Look at this. Proper, free-range chickens. Chickens that are free to not only walk a step or two, but to peck at grass, to scratch in the dirt, to forage for bugs. Perhaps that’s why the yolks of my eggs are strikingly deep gold in colour and the whites super thick and the flavour phenomenally rich.
When you think of free range, you think of birds like this, right? Bup bah. Wrong. Well, that’s wrong now the Australian Egg Corporation thinks it’s okay to have 20,000 birds per hectare (10,000 square metres). That’s right, two birds per square metre, an amount it’d be hard to walk through without actually treading on a chook.
What’s crazy about this is that consumers really want labels they can trust, but the government wants industry to come up with their own standards. So the small but committed Free Range Egg and Poultry Association thinks 1,500 birds is the maximum you should have per hectare, but the egg industry’s national body doesn’t see animal welfare as an issue, even at much higher rates. With a maximum stocking rate FOURTEEN TIMES AS HIGH, the cynic might suggest that the Egg Corporation sees “free-range” as a marketing concern. Instead of measuring how many metres per bird, it’s how many birds per metre. Having seen the swing in consumer sentiment, and the premium some people are willing to pay for what they see as more ethical eggs, perhaps the Egg Corporation wants more traditional farmers to get a piece of the action, without putting in the same effort as those who have already set the standards. Critics might call this the equivalent of "green-washing" for chooks.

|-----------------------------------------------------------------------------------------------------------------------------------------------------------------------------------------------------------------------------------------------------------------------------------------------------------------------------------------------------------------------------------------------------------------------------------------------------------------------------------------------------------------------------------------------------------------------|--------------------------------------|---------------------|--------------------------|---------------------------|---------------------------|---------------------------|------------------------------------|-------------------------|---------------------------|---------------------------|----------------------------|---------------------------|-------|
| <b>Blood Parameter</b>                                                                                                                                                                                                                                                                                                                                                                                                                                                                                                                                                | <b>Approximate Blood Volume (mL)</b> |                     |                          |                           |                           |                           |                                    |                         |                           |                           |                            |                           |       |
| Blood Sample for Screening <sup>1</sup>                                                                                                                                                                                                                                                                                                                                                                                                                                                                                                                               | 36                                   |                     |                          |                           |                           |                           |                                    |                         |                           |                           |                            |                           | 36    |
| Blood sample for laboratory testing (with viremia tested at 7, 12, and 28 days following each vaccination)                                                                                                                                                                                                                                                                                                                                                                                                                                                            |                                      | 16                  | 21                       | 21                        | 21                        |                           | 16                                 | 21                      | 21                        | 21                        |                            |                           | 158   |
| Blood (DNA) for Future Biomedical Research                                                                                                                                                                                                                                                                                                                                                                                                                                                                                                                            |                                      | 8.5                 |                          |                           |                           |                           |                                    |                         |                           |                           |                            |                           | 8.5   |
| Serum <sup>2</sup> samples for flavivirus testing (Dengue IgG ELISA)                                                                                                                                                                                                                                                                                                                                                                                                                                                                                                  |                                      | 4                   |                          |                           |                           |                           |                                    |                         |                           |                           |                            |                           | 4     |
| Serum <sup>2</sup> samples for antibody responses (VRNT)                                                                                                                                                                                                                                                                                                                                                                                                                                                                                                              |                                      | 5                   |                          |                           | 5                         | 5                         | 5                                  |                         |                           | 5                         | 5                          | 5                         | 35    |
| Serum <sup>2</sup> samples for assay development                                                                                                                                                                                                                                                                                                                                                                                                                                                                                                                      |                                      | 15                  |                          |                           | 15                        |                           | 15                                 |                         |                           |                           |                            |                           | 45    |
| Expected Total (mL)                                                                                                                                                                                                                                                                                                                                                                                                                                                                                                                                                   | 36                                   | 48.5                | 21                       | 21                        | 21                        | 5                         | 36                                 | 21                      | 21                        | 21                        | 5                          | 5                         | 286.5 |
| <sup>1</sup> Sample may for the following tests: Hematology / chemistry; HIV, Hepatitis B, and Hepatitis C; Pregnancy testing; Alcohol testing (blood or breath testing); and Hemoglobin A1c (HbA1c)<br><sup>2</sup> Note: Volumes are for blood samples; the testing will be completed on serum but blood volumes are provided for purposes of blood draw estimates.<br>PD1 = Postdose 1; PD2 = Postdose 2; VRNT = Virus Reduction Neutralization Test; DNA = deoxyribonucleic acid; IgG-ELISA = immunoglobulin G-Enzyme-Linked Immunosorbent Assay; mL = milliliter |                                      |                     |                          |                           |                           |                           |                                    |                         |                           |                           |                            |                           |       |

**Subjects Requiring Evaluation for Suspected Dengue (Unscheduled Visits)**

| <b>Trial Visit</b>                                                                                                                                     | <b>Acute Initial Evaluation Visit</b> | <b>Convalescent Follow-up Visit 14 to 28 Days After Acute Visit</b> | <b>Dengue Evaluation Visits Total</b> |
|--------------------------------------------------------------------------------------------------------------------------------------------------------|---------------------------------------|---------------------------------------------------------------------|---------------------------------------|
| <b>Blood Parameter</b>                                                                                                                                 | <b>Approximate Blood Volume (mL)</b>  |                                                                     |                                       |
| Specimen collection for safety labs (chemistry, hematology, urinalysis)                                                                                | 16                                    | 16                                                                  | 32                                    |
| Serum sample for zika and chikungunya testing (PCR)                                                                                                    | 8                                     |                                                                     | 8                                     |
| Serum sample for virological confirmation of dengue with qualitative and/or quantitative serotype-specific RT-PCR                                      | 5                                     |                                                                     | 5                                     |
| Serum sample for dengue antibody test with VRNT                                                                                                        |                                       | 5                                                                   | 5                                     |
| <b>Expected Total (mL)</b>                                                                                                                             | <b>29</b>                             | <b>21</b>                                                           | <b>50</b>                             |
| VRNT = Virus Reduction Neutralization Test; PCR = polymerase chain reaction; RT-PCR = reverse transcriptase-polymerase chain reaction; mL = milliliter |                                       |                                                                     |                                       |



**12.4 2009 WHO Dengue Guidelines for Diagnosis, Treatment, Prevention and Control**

Free range written on eggs, like free range for pork, is to many consumers a relevant label that helps define how they shop. A lot of people, especially those who’ve smelt a factory chicken farm or realised how little the birds can express their instincts, want to buy from growers where the welfare and contentment of the livestock is taken seriously. Very few of those who see 20,000 birds on a hectare of land would consider the animals free at all. But you probably won’t see these farms. Like feedlots for cattle, most of these operations are removed from the public eye because the public wouldn’t like what they see.
What I see from my window is a chook scratching through cow poo. Quietly seeking out bugs, helping to spread fertiliser on the paddock, and laying the best bum nuts money can’t buy.